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Biography : The 1960s

For the first half of the decade, Dorothy did not work for the theatre. She needed someone to tempt her back, and the person who finally took on that role was young composer Cy Coleman. He was firmly of the new generation, a jazz pianist who loved the new Manhattan night life. However he had two Broadway shows under his belt, Wildcat and the great success Little Me, and he appreciated Dorothy's special talent.

Fittingly, her first project with Coleman was a contemporary piece, the first time Dorothy had written for a modern-day musical since Stars in Your Eyes. Sweet Charity was the product of a five-person creative team – Fields, Coleman, Fosse, Verdon and Neil Simon – in which Dorothy stood out as being a generation older than the other four.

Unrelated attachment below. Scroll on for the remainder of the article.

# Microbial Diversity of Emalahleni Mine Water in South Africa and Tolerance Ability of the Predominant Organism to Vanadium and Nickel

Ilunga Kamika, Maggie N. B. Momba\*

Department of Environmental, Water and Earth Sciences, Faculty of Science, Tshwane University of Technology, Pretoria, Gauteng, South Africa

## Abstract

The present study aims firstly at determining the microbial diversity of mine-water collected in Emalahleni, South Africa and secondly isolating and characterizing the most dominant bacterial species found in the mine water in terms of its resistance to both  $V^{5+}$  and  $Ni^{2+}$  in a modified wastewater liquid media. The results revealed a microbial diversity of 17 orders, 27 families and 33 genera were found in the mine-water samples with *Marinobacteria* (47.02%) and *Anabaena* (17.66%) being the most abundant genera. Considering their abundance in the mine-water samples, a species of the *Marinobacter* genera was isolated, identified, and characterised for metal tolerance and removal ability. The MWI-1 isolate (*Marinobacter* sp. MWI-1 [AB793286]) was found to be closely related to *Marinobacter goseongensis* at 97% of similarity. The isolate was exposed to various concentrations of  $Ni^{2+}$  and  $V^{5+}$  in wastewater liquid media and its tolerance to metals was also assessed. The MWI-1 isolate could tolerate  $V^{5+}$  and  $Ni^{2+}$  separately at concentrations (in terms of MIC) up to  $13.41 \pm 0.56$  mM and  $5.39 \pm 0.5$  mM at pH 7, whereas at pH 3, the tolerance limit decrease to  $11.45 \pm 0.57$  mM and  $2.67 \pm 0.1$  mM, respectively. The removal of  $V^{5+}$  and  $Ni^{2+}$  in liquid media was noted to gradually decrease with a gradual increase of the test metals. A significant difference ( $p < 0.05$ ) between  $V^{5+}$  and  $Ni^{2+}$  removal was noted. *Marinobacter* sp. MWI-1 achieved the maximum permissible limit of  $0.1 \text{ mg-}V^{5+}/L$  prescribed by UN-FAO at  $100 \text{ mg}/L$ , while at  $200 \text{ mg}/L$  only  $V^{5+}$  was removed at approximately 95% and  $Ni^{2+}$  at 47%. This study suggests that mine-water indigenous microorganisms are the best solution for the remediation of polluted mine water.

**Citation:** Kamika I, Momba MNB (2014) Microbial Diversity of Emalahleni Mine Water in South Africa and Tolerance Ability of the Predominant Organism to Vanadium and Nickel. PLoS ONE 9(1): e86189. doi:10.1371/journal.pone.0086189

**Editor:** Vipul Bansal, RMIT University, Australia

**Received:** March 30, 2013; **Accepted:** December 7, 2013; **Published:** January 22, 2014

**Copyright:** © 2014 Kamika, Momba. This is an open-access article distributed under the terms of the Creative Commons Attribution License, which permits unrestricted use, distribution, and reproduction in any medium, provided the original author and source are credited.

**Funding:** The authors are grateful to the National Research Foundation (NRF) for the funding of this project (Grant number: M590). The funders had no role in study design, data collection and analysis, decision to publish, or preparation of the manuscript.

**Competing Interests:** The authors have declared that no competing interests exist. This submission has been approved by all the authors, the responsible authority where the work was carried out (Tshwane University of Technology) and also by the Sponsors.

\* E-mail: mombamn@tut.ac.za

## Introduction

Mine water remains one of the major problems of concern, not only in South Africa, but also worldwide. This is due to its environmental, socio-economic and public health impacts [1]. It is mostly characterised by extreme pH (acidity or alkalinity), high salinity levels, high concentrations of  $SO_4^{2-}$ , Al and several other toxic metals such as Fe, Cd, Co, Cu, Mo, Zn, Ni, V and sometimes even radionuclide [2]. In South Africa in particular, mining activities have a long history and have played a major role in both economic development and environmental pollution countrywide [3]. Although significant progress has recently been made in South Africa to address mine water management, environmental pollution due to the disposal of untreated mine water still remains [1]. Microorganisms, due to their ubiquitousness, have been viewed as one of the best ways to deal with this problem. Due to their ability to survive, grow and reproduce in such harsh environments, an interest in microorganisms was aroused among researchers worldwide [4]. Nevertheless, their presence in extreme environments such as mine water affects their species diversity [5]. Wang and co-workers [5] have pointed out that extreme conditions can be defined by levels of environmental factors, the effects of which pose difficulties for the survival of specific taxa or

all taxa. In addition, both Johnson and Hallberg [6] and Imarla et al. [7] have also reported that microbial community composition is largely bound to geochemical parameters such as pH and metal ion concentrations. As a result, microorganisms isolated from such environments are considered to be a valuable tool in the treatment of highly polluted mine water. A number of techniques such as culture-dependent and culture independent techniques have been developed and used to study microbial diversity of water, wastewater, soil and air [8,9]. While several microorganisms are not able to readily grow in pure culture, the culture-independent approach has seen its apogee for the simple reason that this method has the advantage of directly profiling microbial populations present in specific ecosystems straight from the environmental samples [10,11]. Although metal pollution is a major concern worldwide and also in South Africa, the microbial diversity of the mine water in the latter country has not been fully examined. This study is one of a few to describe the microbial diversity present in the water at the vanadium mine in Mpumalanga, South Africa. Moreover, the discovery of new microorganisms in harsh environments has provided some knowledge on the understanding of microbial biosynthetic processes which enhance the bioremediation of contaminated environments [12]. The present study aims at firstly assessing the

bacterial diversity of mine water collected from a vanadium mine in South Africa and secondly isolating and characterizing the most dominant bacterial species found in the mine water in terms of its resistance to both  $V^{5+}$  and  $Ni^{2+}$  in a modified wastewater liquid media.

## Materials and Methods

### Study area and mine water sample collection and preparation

However she showed that her delight in slang and colloquialisms was undimmed and she invented and deployed an authentic and evocative street-talk in her work for this show. Sweet Charity was one of the last Broadway shows where individual songs made an immediate, lasting impact on a wider audience – Big Spender and If My Friends Could See Me Now were hits.

Neil Simon later wrote of his memories of working with Dorothy.

The success of Sweet Charity was a tribute to the entire creative team, but must have been particularly sweet to the 61-year-old Dorothy. However she produced little else in the 1960s – a few songs for plays and films (including one-off collaborations with Quincy Jones, and her son David Lahm), and an abortive project using Kern melodies.

Biography  The 1950s                        Biography  The 1970s

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